“Anyhow, apparently whatever my deal is, the elves knew about it. It’s somethin’ that happens from time to time in most races, it turns out. The shaman didn’t have any fixes for my pa; the way elves do it is let the kid grow up natural, however it works best for them. By the time they’re a hundred or so, they usually work it out so they can interact normal enough with other folk, an’ the tribe’s usually pretty patient with ’em.”
“Wow,” Lakshmi said wryly. “I guess if you live forever, you’ve got no reason to be in a hurry.”
Joe nodded. “Yeah. The shaman at least set Pa on the right path, though. The dwarves have some o’ the same kinda knowledge, an’ they actually do active research, lookin’ for treatments an’ whatnot.”
“The Five Kingdoms are renowned for their universities,” Danny agreed, nodding.
“Yep. Pa fired off another round o’ letters, an’ the dwarves were more responsive than the Imperials, funny enough. Took a little back an’ forth, but he finally got in touch with somebody who was studyin’ this particular thing, Professor Vyrnsdottir at Svenheim Polytheoric. She gave Pa the best advice she could, which is where things started lookin’ up for me.
“Pa ordered textbooks, next. Anatomy, an’ especially facial muscles. An’ then he made a game of it with me. We got a mirror, an’ the books, an’ made faces, worked out what every emotion did, how it made the muscles in the face respond. Then started workin’ on body language in general. As I started gettin’ a handle on one thing, we’d branch out to somethin’ else I was havin’ trouble with. Metaphoric speech, for example; we prairie folk love our similies, an’ I never could make heads or tails of ’em as a kid.” He grinned. “But pa got me thinkin’ of it like scaled-up language. Like how the letter ‘e’ is a symbol for a sound, an’ how the word ‘tree’ is a symbol for the thing itself. All language is parallel, you just gotta look for the correspondence. It comes pretty natural to most folk; I have to stop an’ think on it some, but thanks to Pa an’ the Professor, I manage just fine these days. One o’ her last letters said I must be a mild sort of case, to pick it up so fast; most o’ those she worked with took a lot longer to sort it out. Course, she also said the way I deal with numbers ain’t typical, either, so that was probably a factor. Might even be a separate condition.”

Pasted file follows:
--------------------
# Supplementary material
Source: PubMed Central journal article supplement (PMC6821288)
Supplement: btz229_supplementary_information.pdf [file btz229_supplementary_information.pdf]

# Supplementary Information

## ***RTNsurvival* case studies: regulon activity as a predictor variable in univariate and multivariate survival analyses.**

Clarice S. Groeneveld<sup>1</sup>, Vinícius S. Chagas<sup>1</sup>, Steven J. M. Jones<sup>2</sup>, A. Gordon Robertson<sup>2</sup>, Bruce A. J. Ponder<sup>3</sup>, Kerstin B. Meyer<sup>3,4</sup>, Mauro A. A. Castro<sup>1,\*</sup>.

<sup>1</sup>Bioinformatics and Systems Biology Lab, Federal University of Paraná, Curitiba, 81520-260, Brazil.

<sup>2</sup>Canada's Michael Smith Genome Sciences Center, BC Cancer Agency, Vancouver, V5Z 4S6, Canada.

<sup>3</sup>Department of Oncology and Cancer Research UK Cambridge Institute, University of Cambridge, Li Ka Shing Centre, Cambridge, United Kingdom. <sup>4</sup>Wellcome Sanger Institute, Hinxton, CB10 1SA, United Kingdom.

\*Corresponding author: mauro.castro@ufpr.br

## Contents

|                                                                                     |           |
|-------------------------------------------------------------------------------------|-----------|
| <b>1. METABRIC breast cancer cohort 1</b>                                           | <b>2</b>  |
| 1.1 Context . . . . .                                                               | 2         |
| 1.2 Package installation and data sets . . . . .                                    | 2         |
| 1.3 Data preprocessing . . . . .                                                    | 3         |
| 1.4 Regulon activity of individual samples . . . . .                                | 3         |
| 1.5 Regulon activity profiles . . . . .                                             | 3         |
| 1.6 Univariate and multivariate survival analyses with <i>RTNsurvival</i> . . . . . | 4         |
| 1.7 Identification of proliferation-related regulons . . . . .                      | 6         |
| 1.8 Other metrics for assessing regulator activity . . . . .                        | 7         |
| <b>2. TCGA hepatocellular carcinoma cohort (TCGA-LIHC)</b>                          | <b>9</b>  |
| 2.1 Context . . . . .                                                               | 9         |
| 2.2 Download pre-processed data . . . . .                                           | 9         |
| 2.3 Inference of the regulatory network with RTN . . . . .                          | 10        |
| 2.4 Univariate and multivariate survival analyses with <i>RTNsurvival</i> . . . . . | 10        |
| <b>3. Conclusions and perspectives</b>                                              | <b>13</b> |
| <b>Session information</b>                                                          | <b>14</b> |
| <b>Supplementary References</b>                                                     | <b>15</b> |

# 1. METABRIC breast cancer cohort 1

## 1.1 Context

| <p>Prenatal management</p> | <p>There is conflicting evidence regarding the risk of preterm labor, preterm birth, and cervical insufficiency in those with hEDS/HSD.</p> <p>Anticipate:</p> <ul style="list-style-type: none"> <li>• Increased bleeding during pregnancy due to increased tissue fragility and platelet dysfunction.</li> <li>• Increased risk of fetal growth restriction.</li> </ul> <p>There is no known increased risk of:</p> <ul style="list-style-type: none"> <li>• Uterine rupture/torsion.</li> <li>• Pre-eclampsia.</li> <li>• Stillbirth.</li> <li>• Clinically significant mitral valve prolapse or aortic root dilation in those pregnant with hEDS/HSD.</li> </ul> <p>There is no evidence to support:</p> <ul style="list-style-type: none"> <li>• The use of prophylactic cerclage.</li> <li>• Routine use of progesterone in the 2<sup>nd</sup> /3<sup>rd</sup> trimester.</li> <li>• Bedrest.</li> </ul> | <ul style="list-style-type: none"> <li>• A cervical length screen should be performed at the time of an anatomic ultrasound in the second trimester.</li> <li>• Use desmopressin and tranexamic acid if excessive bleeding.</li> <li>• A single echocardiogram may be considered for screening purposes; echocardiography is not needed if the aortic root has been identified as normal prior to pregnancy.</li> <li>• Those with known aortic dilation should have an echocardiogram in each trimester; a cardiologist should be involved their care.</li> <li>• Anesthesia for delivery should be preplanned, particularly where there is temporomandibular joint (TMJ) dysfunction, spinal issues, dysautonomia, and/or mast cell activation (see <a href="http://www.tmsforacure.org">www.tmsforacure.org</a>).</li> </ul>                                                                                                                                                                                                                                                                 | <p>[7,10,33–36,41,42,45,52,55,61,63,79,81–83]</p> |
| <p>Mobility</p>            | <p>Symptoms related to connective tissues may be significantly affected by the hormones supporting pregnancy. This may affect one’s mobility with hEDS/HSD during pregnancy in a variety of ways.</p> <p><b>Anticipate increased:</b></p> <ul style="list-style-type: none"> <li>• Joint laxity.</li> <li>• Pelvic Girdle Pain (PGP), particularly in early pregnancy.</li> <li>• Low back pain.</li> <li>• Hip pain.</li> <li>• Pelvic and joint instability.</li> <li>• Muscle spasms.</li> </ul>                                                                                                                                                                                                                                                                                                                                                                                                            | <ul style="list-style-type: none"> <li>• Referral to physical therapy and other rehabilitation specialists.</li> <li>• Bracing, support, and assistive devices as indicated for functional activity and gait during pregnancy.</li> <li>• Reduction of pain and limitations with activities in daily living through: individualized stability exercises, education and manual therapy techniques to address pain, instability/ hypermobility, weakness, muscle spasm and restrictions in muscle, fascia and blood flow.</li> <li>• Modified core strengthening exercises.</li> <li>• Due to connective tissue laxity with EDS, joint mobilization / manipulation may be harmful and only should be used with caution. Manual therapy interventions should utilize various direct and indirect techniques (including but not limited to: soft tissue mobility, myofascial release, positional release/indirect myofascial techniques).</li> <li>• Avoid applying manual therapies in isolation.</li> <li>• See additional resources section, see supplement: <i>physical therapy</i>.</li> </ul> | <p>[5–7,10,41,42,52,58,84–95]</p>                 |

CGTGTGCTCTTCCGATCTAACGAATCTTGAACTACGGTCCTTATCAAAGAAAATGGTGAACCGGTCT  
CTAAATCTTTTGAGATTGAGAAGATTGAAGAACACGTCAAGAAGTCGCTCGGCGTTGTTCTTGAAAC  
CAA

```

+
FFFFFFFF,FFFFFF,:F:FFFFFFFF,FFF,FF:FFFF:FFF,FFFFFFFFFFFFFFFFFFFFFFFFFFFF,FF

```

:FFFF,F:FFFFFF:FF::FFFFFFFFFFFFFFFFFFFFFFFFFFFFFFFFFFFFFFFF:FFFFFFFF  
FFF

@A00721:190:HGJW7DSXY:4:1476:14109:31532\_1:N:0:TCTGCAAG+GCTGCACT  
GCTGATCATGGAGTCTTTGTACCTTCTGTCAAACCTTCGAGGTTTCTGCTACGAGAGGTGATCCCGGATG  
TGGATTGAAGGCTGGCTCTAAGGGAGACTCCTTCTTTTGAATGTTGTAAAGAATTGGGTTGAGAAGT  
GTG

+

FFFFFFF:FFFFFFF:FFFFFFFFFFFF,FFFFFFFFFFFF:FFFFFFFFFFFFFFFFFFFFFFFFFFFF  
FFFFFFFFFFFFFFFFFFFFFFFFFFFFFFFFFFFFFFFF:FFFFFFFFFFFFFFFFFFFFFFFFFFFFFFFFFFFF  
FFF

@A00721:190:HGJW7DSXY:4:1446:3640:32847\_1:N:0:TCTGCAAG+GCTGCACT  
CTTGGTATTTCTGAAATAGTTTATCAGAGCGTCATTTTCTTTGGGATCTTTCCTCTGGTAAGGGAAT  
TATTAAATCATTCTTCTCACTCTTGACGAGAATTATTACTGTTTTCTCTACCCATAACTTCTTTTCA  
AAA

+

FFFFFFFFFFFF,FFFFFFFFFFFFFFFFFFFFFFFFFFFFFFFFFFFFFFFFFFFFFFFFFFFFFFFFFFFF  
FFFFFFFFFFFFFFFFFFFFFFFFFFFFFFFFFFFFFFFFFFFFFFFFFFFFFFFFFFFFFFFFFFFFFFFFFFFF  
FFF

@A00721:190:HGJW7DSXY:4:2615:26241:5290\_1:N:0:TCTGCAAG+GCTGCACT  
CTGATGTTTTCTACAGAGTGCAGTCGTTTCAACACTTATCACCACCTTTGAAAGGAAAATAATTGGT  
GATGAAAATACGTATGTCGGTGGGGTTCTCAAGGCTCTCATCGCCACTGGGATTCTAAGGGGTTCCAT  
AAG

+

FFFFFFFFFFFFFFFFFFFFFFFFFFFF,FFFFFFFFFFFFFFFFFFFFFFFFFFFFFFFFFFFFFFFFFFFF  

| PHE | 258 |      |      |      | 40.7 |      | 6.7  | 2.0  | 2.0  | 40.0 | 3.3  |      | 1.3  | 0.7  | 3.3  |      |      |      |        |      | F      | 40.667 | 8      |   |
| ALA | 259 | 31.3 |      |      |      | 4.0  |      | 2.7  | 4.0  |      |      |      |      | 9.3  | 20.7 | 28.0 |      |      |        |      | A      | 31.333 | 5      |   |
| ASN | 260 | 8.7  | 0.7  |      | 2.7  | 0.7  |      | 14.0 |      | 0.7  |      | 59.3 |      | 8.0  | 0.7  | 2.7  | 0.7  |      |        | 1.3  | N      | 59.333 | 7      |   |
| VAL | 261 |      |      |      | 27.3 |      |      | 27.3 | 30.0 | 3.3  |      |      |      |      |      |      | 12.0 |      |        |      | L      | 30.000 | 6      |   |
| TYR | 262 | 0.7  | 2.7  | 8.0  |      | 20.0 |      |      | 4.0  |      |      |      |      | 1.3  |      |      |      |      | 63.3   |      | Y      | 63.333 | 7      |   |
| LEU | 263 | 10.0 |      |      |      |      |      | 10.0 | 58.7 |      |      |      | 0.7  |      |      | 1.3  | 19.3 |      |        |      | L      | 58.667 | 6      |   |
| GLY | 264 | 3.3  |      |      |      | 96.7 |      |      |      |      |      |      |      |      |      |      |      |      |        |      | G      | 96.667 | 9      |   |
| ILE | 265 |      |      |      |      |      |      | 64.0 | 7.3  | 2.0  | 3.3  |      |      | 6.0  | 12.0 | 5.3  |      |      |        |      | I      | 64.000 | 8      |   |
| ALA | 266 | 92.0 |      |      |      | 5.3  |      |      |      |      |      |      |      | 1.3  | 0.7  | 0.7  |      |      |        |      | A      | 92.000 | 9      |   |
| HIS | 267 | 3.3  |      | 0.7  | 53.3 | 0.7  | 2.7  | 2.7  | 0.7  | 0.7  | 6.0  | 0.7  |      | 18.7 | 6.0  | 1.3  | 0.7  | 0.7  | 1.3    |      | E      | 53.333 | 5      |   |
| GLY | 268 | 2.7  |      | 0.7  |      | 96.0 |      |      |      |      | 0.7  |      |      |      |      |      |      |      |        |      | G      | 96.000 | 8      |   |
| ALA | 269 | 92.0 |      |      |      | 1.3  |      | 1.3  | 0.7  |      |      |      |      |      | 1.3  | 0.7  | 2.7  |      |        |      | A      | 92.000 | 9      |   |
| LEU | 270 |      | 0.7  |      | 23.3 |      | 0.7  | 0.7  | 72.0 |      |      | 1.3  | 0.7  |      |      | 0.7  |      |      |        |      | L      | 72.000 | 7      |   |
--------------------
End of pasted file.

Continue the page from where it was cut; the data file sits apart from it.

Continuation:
“That’s quite ingenious,” Danny marveled. “He worked out how to reduce human interaction to…equations. In terms a child would understand. Incredible!”
“Took the intuitive part out of it,” Joe agreed, nodding again, “made it math, an’ I finally started to figure it all out. He got Miss Ames in on it, an’ by the time I was eleven I could read expressions almost as well as anybody. I reckon I do just fine now. It’s habit, by this point, second nature. Differently, though. There’s things I miss, and then again, things I catch that others don’t seem to notice. I’m analyzing faces intellectually where most people sorta feel what an expression means. It’s different, but it works. At the poker table in particular, it becomes just an extension of the game.”
“Your father was a scholar himself?” Danny asked quietly.
Joe stared at the table. “A rancher. We raised cows.”
“He sounds like a truly remarkable man.”
“He truly was,” Joe said softly. “Him an’ Miss Ames both. Neither one of ’em survived the troubles in Sarasio.”
“Aw, Joe,” Lakshmi whispered.